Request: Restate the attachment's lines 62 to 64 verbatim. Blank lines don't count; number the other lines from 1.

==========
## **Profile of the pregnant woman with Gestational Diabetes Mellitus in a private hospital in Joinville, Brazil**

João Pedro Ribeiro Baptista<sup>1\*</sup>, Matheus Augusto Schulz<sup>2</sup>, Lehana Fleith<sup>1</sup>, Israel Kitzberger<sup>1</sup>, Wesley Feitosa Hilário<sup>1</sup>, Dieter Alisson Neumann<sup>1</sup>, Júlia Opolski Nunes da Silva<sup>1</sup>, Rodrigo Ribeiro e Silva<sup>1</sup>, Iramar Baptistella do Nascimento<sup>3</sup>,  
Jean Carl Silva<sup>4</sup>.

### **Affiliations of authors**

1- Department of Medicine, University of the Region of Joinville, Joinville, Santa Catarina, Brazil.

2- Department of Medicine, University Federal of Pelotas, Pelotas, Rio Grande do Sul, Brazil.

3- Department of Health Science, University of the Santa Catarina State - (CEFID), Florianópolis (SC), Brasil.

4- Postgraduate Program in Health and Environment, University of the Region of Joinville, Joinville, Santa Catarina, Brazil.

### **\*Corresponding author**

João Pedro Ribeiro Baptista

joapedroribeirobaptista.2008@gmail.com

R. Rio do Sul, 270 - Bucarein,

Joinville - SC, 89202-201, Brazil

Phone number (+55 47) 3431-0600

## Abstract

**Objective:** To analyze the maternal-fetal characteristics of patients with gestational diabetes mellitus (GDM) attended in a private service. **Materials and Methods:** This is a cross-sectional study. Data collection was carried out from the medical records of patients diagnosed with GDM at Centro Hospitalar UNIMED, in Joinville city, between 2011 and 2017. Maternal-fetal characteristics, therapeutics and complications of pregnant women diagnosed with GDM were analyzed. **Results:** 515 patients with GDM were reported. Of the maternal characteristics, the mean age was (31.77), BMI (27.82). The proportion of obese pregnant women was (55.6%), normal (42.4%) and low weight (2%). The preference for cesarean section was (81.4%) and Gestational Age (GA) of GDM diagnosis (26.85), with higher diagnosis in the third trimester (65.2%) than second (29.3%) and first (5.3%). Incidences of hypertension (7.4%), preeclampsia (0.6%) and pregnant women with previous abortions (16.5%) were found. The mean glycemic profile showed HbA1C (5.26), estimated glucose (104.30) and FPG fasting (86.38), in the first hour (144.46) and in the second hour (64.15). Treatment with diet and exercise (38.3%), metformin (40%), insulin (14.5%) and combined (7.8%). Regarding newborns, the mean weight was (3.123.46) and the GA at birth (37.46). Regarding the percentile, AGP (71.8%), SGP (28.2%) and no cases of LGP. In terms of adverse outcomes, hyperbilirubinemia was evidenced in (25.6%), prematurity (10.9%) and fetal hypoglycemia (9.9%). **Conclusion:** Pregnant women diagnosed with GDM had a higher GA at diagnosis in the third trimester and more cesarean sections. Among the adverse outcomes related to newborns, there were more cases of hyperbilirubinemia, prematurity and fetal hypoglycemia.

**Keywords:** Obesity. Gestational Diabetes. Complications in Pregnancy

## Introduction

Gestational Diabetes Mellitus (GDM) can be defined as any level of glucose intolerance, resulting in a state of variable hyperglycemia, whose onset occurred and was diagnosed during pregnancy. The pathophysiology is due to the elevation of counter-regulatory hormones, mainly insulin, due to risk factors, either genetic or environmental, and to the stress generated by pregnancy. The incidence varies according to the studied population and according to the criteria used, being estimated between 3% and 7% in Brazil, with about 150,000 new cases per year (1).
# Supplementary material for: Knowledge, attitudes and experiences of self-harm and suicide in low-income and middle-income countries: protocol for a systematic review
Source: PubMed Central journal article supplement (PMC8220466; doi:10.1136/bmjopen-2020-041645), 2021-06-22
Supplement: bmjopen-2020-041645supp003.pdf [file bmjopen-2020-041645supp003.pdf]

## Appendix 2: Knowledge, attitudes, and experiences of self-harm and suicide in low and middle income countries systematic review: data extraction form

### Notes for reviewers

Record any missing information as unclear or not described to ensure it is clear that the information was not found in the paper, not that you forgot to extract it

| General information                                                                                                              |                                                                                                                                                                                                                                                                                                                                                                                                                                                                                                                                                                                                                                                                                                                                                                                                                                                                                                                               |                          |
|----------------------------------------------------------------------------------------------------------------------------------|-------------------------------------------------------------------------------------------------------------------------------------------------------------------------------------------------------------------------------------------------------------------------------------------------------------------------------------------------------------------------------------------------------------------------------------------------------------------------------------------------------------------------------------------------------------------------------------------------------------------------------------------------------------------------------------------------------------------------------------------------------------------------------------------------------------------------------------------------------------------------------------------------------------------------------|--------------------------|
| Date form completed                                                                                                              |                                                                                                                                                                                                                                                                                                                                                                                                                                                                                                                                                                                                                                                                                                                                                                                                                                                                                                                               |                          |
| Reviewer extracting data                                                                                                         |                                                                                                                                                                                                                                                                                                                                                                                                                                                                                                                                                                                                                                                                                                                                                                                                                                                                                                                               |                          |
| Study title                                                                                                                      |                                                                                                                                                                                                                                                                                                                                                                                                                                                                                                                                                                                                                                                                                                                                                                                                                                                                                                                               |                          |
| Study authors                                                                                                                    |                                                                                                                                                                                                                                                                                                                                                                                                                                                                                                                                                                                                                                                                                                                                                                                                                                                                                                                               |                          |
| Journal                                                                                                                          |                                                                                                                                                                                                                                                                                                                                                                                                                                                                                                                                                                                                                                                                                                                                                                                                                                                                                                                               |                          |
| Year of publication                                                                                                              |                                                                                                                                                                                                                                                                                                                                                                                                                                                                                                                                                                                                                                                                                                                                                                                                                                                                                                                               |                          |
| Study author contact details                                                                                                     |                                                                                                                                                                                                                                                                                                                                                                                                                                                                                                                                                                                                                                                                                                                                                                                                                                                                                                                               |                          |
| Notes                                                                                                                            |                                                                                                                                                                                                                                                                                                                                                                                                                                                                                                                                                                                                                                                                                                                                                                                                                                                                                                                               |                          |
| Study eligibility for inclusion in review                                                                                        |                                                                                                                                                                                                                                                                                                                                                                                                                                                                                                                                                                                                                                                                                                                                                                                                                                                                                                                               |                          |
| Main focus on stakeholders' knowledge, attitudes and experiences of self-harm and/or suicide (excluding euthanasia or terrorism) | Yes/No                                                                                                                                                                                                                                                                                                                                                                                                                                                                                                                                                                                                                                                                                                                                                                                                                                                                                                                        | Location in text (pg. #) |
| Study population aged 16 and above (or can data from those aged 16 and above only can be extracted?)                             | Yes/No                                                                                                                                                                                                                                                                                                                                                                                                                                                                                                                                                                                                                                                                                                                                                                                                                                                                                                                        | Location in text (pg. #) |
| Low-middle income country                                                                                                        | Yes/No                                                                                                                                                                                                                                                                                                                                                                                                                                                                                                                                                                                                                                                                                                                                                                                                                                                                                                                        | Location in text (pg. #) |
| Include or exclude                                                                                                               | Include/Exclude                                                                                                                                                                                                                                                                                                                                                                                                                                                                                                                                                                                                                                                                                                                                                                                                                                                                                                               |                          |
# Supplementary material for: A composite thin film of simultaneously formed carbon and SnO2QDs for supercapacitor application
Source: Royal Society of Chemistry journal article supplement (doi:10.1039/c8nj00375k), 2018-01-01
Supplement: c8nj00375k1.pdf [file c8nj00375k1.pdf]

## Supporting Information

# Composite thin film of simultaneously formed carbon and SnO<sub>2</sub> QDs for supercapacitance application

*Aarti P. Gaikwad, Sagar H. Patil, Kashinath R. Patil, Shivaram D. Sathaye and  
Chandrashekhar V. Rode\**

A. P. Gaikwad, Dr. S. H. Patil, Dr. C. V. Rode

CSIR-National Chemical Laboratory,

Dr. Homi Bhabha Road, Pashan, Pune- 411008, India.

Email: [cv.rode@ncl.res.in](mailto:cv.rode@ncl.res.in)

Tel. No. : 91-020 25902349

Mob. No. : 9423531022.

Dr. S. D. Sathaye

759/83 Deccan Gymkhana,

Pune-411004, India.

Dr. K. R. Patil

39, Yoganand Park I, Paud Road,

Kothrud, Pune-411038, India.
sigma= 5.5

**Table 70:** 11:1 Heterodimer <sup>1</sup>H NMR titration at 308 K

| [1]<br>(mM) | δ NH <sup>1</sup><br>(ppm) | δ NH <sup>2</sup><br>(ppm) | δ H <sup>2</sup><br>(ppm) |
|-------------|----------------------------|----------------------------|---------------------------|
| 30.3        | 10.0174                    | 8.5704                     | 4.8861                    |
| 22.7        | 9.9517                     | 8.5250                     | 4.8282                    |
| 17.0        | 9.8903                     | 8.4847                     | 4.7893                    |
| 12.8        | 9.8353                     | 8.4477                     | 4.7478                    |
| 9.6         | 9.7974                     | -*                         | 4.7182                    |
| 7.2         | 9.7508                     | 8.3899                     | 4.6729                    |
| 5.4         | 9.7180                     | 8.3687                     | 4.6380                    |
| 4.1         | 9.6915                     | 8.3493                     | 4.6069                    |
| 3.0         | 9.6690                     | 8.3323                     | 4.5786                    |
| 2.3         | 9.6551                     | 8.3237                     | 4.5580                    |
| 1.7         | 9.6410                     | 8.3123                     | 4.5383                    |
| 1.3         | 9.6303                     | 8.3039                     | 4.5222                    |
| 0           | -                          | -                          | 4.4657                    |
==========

| [1]<br>(mM) | δ NH <sup>1</sup><br>(ppm) | δ NH <sup>2</sup><br>(ppm) | δ H <sup>2</sup><br>(ppm) |
|-------------|----------------------------|----------------------------|---------------------------|
| 30.3        | 10.0174                    | 8.5704                     | 4.8861                    |